Thoughts About Reading and Interpretation

Kabbalah

So, lately I’ve been thinking about reading, and also interpretation.  I think the two definitely go together, because when we read (whether it’s a book, another person, or a situation), we automatically interpret – the two go hand in hand.  To read is to interpret.  That’s why I really resonate with the idea that when we are happy, we see a happy world, just as when we are sad, we see a sad world.  I understand that to mean that the world we see is a reflection of how we think.  In other words, when we are happy, the world is happy, because that is the psychological framework from which we are interpreting.  When we are sad, the world is sad, because our interpretation has shifted, and now we are seeing the world that way instead.  This is, I believe, a core idea of Cognitive Behavioral Therapy, i.e. there is a massive and strong connection between how we think about ourselves and how we see the world.  If we are peaceful, I think we see a peaceful world, or at least understand the terror of this world to come from a place of fear instead of love.  But if we are not feeling peaceful, our attention zeroes in on situations that are not peaceful, and we interpret them as evidence that the world is full of suffering, say, or that the universe is a hostile and fearful place, instead of a place capable of immense love.

I was thinking about these ideas because I have lately been reading two books related to  Jewish mysticism – Kabbalah by Gershom Scholem, and The Pritzker Zohar translated by Daniel Matt – and reading these books has me thinking about how powerful interpretation really is.  For the Jewish mystics approached the Hebrew Bible (the Five Books of Moses, Prophets and Writings) from a totally different perspective from conventional religion.  The mystics believed that the Hebrew Bible contained secrets about the universe, the self, the creation of the universe, and/but these secrets were only available to a particular form or mode of interpretation.  Another way of saying this is that the Hebrew Bible reflected back to its readers what the readers brought to it.  If the reader came to the Bible in search of compelling narratives about people that still applies today, that’s what they would find.  If they wanted to find literal answers in a fundamentalist vein, that’s what they’d find.  And if they interpreted the text anagogically, then they would find spiritual truths that were universal and applicable in many ages.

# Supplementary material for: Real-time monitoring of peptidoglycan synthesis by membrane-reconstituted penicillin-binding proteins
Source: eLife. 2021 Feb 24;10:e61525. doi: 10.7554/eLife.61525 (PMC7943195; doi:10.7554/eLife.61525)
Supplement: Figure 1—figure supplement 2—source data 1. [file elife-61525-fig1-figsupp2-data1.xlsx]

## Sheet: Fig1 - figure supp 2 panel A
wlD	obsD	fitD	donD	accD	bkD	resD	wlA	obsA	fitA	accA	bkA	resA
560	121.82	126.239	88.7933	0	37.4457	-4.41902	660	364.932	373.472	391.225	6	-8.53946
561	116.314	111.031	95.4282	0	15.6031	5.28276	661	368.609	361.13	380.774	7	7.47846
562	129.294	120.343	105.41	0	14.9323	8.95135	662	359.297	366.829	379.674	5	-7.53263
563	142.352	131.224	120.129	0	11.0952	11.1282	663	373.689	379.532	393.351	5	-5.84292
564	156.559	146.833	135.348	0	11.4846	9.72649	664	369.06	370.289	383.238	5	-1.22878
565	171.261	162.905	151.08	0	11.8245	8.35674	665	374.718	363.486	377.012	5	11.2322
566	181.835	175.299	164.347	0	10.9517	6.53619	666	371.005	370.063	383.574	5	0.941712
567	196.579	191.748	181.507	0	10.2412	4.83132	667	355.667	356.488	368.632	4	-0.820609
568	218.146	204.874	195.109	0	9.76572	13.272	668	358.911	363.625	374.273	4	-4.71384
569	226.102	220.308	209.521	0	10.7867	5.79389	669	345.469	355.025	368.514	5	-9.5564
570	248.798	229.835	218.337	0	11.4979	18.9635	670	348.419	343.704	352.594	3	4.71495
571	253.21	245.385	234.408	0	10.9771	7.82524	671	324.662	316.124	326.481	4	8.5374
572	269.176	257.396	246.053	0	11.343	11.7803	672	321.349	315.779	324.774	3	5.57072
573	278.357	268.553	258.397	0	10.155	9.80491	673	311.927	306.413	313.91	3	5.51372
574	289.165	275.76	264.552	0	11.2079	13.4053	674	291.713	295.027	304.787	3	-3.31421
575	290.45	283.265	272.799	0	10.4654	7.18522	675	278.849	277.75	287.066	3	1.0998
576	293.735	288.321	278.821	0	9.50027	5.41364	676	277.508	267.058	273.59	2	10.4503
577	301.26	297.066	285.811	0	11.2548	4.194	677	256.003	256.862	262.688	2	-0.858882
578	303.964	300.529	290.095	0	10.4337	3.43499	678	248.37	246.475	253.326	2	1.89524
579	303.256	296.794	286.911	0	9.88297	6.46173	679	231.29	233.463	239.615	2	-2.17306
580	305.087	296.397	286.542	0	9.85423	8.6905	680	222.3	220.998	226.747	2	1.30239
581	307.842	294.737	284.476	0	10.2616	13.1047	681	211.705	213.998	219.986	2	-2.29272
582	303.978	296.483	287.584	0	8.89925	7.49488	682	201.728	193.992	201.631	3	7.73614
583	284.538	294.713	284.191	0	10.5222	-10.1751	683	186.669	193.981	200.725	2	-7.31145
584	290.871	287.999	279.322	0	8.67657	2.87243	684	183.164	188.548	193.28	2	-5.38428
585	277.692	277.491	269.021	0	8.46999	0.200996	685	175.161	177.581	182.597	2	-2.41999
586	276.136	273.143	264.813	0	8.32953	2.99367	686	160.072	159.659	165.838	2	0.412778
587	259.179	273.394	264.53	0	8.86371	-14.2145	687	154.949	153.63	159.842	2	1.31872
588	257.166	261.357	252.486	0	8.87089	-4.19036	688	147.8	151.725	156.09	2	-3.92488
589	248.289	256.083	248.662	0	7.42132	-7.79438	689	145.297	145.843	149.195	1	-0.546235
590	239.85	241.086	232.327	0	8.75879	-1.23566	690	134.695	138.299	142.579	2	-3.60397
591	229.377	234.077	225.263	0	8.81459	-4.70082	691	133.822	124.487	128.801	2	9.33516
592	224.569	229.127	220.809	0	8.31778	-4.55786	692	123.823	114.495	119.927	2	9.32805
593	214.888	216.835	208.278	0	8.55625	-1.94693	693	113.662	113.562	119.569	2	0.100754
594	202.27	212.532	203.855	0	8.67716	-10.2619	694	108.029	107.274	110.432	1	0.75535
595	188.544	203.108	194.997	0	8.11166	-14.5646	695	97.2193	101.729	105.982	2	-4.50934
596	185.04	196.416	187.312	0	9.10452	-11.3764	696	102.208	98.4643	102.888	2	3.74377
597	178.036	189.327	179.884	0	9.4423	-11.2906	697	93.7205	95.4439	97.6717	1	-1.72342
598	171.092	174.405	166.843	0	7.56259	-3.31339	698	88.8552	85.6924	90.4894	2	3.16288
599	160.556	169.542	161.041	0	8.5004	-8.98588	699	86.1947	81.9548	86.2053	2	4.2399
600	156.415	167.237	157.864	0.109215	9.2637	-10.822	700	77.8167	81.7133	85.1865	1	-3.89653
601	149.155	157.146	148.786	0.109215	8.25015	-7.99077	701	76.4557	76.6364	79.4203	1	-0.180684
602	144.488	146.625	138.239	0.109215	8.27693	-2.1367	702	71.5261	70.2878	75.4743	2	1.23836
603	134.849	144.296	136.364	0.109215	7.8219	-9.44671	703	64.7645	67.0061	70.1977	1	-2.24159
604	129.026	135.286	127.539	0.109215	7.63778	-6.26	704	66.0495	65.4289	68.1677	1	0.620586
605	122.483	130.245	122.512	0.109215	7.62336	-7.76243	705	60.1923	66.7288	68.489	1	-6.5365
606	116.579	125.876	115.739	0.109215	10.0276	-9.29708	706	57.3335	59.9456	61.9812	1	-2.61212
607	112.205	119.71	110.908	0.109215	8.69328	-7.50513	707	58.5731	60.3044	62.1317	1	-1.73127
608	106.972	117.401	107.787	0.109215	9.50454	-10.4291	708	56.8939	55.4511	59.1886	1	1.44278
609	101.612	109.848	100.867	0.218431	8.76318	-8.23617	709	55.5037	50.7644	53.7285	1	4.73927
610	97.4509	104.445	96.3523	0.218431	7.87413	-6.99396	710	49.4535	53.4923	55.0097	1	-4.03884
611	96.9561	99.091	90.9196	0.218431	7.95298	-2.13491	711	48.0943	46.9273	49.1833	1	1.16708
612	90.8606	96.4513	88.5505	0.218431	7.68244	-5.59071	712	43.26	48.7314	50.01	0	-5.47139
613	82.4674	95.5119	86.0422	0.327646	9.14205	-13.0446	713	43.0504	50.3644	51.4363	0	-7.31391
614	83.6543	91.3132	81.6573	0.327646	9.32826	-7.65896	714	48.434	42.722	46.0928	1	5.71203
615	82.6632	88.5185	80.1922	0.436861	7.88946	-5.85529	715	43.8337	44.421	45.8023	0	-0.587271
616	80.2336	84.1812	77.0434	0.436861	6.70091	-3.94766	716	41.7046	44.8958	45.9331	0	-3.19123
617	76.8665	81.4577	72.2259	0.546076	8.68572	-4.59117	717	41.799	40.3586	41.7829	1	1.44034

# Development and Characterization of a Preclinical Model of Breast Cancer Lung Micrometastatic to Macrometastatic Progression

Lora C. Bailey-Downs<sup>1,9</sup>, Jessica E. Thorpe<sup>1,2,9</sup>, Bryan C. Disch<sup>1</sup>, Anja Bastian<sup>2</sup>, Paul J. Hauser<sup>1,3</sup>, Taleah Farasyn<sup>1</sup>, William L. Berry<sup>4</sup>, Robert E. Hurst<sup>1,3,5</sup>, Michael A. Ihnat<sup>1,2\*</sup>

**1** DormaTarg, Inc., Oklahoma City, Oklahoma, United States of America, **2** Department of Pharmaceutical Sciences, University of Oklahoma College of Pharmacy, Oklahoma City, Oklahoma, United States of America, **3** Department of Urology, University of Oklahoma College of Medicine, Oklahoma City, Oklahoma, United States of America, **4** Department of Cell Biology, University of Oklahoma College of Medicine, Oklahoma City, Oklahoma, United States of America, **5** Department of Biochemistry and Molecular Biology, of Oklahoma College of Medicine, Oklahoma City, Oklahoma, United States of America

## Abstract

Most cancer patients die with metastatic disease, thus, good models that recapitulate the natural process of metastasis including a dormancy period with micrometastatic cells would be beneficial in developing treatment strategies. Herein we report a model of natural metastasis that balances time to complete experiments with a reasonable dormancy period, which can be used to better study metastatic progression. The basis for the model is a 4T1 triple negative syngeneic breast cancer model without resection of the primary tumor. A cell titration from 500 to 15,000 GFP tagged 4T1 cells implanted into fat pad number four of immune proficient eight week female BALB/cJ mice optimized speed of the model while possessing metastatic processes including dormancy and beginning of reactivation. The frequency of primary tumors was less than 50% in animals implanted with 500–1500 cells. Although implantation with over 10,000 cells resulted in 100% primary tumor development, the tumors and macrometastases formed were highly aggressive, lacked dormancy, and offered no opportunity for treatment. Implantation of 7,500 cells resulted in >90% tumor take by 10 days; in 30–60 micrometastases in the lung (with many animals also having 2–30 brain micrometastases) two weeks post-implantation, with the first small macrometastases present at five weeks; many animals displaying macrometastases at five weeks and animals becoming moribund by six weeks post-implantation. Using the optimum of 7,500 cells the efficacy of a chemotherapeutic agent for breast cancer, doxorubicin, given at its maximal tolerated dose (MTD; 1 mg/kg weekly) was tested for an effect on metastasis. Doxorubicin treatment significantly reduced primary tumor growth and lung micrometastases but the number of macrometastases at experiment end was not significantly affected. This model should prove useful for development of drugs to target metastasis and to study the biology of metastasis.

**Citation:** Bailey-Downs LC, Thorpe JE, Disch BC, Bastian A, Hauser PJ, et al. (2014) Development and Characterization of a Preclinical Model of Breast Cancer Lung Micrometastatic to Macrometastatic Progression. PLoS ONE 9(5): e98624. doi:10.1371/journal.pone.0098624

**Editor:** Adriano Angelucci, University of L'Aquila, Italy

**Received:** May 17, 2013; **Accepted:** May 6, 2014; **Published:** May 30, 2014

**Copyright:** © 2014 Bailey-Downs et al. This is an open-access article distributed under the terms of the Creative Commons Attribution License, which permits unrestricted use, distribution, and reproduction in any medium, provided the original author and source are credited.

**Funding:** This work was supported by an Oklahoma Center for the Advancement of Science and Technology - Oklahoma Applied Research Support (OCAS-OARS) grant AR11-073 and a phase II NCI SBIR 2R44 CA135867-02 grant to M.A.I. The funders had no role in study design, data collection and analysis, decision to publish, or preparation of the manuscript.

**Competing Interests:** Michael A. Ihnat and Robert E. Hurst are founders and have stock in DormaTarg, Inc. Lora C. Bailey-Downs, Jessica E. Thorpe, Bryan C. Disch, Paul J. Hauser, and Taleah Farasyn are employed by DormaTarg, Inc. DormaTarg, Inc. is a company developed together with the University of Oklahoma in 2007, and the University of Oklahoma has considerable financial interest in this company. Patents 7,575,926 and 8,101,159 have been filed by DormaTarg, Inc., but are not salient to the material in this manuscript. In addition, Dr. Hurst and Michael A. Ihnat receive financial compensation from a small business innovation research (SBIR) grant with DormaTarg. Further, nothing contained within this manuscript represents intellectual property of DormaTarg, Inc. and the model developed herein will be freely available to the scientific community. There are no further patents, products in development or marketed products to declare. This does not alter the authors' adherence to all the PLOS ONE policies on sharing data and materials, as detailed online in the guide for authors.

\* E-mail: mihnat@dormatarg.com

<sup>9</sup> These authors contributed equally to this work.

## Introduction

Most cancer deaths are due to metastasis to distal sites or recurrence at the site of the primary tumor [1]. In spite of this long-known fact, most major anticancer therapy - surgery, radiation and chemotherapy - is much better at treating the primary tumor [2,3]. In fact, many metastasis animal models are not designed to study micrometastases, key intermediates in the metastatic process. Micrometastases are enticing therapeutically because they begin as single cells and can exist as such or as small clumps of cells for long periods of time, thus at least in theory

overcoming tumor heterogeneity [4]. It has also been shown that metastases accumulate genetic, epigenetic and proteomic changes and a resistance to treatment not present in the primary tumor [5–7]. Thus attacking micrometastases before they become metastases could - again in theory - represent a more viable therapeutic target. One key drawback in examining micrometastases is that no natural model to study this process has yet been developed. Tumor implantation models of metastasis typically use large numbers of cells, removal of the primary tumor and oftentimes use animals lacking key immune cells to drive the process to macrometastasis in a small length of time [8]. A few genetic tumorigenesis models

I think this is why I love reading so much.  Reading is in many ways a training of, an apprenticeship to, new ways of interpretation.  When we wrestle with a text, when we expand our vocabulary, when we open our mind to new interpretations, then we are really, in the words of the literary critic Harold Bloom, “augmenting our self.”  We are then growing, mentally, emotionally, spiritually, because we are acknowledging that we don’t know everything, that it is possible that the next day might just bring a book that will change our lives forever.  I think that’s how the mystics read the Hebrew Bible – as a text that was so utterly rich and alive and fascinating, booming and shaking with meaning, that each letter in the Hebrew Bible carries an immense weight of meaning.  They read it as essentially a perfect book that breathed new life into its reader.  This is, like most things, a way of reading and interpreting that is new to me, and I think it is worth taking seriously.

The Zohar: Pritzker Edition, Vol. 1

 

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